South Africa

South Africa

Nelson Mandela Bay: EFF’s attempt to remove Trollip ushers in a new, unstable era for Coalition Politics

Nelson Mandela Bay: EFF’s attempt to remove Trollip ushers in a new, unstable era for Coalition Politics

Julius Malema addressed his party’s election registration campaign on Sunday, riding on the success of the land expropriation vote and amid threats to remove the “racist” DA’s Nelson Mandela Bay Mayor Athol Trollip. Welcome to the uncertainty of going into elections defined by coalition politics. By GREG NICOLSON.

In a statement on Friday reiterating the EFF’s commitment to voting against Nelson Mandela Bay Mayor Athol Trollip in a 6 April no-confidence motion, the party claimed DA backbenchers were insensitive during this week’s debate on investigating constitutional amendments to allow for land expropriation without compensation.

We view the attitudes as racist, and in defence of white privilege,” said spokesperson Mbuyiseni Ndlozi. “Land dispossession in South Africa is the whole foundation for the indignity of black people and the supremacy of whites.”

Malema’s party focused on building its structures in 2017 and this year we have already seen a more activist EFF, moving from tackling former President Jacob Zuma to demonstrating on issues like education, land reform and health. To improve its vote in next year’s elections and take a stronger role in potential coalitions, the party will have to target voters who still don’t trust the ANC and are vulnerable to claims that the DA is not transformed.

We will remove Trollip as a mayor to communicate, provoke and impress on all DA white members that sensitivity to land loss by black people is a fundamental requirement for leading anywhere in the country,” said Ndlozi.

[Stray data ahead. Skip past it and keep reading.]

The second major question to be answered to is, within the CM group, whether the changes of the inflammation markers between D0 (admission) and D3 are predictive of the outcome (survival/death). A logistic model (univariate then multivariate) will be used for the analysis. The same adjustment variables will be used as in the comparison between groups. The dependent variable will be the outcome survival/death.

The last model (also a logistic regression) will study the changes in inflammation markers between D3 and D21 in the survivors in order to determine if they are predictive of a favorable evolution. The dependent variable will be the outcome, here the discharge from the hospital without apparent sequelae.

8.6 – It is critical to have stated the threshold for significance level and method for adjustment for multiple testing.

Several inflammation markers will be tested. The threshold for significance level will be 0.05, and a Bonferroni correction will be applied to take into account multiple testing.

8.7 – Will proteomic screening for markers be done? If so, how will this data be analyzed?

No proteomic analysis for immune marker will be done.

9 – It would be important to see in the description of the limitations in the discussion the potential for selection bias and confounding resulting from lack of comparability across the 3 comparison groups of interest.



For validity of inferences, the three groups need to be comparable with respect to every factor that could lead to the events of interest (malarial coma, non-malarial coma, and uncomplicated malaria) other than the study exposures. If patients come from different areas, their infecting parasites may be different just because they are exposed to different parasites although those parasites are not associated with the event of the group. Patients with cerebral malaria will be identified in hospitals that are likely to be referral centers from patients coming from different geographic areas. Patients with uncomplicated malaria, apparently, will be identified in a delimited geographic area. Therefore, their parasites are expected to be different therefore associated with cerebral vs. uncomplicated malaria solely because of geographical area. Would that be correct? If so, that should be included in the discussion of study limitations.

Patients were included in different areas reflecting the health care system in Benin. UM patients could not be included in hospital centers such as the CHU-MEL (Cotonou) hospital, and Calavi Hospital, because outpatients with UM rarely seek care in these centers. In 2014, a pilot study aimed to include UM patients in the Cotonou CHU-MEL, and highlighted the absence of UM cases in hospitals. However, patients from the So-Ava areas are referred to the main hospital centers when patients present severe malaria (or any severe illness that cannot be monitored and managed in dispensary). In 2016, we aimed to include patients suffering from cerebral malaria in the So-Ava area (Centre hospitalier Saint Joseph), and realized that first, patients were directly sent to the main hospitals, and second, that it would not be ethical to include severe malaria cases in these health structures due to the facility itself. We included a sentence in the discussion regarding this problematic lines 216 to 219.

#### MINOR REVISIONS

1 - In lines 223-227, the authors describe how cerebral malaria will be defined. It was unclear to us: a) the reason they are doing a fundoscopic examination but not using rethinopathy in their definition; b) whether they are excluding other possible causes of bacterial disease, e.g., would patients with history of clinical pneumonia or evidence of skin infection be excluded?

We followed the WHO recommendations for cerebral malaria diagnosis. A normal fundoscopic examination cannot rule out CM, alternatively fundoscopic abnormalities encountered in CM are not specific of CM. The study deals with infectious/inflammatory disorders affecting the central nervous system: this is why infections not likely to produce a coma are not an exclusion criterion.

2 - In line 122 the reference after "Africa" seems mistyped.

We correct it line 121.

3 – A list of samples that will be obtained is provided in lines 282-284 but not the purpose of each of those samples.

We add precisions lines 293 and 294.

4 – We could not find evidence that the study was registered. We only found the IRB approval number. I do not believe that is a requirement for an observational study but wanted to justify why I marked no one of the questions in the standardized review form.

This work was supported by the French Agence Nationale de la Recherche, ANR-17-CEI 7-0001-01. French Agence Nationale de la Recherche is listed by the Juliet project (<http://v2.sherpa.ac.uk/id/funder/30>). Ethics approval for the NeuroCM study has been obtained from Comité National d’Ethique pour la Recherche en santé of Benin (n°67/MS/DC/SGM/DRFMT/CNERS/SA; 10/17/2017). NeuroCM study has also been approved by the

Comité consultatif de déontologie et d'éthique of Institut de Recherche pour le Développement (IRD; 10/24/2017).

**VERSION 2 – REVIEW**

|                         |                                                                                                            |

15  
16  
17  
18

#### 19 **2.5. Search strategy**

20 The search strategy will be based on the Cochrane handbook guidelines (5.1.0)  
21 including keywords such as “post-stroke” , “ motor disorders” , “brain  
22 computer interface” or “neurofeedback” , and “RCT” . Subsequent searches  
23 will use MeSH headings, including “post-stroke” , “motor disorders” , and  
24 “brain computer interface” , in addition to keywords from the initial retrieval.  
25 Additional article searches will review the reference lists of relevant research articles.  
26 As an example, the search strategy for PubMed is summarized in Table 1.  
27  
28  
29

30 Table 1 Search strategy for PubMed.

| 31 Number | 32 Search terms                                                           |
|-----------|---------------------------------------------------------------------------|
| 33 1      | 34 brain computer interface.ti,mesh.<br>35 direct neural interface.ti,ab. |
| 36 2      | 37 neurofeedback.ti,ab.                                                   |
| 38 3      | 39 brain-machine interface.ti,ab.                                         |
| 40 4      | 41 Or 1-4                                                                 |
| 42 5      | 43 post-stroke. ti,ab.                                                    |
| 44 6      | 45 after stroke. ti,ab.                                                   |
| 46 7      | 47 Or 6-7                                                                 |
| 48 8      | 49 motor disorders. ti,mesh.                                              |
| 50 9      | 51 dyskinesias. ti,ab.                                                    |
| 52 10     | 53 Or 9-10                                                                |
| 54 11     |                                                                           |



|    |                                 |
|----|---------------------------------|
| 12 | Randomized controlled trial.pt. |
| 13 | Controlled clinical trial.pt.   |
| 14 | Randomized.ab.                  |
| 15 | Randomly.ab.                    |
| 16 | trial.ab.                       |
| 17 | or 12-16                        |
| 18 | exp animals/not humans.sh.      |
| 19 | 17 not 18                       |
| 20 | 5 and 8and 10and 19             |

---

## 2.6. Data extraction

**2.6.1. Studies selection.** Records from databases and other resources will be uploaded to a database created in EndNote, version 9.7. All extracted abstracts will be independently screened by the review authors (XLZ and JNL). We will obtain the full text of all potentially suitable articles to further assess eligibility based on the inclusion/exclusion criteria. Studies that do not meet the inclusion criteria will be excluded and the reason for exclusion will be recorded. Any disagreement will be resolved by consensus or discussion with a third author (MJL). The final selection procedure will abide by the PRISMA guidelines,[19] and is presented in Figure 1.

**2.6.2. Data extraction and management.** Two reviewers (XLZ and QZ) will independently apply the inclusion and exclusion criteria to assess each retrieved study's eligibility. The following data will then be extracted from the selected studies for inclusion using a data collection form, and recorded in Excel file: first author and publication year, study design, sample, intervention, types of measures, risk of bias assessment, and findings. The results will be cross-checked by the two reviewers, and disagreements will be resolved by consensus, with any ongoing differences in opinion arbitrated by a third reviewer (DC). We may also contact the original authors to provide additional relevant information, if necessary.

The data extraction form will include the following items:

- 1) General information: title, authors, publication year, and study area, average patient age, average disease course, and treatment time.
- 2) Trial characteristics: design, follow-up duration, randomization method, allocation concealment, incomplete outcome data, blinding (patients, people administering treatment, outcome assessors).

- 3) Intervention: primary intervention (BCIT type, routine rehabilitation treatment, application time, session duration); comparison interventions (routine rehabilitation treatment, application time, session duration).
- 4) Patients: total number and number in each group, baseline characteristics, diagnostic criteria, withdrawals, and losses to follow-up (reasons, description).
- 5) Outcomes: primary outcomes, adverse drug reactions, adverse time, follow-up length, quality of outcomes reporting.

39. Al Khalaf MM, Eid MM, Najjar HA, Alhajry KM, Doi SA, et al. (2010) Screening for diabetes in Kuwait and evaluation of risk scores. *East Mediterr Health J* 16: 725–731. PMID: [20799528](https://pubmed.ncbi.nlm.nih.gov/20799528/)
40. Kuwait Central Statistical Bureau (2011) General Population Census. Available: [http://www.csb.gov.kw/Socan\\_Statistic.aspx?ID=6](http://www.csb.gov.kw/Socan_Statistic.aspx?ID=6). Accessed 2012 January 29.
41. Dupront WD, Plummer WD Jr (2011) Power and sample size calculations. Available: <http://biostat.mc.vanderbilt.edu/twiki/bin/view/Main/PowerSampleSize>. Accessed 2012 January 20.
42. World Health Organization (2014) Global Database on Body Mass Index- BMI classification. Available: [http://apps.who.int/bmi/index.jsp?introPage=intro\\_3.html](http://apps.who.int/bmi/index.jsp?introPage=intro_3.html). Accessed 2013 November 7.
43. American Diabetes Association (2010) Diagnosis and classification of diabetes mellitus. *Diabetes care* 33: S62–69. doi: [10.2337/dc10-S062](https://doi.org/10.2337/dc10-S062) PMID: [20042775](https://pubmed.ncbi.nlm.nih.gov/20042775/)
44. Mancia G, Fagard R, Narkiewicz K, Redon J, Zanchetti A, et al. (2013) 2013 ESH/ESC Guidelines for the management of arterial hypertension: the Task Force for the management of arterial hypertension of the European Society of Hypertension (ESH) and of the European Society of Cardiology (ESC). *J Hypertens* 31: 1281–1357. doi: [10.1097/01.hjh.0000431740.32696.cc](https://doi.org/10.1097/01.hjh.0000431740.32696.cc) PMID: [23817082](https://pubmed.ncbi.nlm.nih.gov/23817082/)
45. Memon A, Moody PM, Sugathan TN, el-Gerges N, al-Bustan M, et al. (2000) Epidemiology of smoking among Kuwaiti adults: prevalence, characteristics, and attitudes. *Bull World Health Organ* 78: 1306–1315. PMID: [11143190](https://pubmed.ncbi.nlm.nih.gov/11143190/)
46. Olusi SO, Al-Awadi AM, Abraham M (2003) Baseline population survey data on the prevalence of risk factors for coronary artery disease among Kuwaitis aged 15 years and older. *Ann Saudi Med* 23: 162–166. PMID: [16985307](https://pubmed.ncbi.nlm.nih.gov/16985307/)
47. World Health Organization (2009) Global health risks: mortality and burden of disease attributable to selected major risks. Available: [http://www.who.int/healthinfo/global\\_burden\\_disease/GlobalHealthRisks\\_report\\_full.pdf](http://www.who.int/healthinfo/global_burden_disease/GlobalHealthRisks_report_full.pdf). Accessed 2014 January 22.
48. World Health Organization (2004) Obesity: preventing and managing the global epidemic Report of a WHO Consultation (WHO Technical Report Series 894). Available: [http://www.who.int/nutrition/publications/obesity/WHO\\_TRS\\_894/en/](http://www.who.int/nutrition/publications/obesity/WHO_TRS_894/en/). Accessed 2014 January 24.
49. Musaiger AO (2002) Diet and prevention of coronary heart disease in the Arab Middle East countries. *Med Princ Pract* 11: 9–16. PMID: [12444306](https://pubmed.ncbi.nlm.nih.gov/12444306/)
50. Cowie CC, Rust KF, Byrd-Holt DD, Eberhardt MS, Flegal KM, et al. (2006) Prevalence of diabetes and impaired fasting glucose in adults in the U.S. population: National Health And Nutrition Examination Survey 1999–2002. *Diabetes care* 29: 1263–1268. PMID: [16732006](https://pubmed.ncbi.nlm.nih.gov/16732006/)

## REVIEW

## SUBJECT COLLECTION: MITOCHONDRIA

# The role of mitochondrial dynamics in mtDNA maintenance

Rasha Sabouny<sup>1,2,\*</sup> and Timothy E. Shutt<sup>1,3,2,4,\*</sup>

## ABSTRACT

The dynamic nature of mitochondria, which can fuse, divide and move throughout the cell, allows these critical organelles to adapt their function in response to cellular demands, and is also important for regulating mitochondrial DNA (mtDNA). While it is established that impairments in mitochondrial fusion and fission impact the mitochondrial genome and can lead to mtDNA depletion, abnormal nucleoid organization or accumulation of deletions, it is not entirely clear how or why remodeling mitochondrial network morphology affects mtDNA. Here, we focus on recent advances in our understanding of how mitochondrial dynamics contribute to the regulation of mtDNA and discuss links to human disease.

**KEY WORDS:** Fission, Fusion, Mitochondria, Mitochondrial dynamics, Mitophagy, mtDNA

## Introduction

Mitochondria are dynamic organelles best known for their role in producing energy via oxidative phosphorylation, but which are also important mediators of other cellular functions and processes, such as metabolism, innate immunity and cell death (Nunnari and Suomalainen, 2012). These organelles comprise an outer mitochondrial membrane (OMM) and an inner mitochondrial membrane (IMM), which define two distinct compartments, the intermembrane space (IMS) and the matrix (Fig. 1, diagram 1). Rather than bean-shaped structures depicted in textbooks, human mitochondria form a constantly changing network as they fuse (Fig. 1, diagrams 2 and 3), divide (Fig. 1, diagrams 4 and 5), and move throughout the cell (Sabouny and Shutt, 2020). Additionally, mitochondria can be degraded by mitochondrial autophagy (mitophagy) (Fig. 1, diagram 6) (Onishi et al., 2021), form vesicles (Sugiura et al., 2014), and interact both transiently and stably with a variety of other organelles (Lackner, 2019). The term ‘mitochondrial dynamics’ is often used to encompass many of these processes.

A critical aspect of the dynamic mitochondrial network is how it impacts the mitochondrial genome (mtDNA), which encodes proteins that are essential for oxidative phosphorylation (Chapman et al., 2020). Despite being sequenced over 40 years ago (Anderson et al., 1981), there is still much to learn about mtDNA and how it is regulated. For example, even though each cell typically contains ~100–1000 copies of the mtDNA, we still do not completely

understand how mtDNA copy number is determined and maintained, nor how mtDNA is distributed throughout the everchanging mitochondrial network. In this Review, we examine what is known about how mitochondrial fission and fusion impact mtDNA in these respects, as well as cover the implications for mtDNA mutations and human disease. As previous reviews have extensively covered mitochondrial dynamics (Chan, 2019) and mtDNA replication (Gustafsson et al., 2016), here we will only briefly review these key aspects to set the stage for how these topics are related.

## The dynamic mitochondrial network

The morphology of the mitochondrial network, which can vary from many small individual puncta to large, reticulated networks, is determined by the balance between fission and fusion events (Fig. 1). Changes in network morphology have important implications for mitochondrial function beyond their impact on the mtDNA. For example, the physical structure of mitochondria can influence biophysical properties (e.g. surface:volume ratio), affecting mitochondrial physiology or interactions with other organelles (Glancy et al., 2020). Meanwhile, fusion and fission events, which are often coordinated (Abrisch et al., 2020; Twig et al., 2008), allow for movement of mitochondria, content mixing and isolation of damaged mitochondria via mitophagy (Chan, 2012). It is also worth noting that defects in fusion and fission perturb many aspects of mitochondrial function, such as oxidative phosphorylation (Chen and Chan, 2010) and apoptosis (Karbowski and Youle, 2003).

The DA is reporting Malema to the Equality Court for hate speech. He said removing “your white man in PE” would “cut the throat”. The EFF says it was a figure of speech.

Anything could happen in Nelson Mandela Bay, which the DA took after winning almost 47% of the vote in the municipal elections and forming a coalition with the UDM, Cope and ACDP. The UDM left after Trollip sacked its deputy mayor Mongameli Bobani, leaving a precarious leadership.

The no-confidence vote will be tight. Nelson Mandela Bay has 120 seats and 61 votes will remove Trollip. The DA, ACDP and Cope have 58 seats. The ANC has 50, the EFF six, and the UDM two. The Patriotic Alliance, United Front and African Independent Congress each have one seat. One seat is vacant and will be decided in an 8 March by-election. The DA won the ward by 85% last year, most likely giving it another seat.

The EFF, ANC, UDM, PA and AIC, with a combined total of 60 seats, have said they will vote to remove Trollip. If the DA wins the by-election, with Cope and the ACDP it will have 59 seats. The United Front, with one seat, has said it is still deciding how to vote.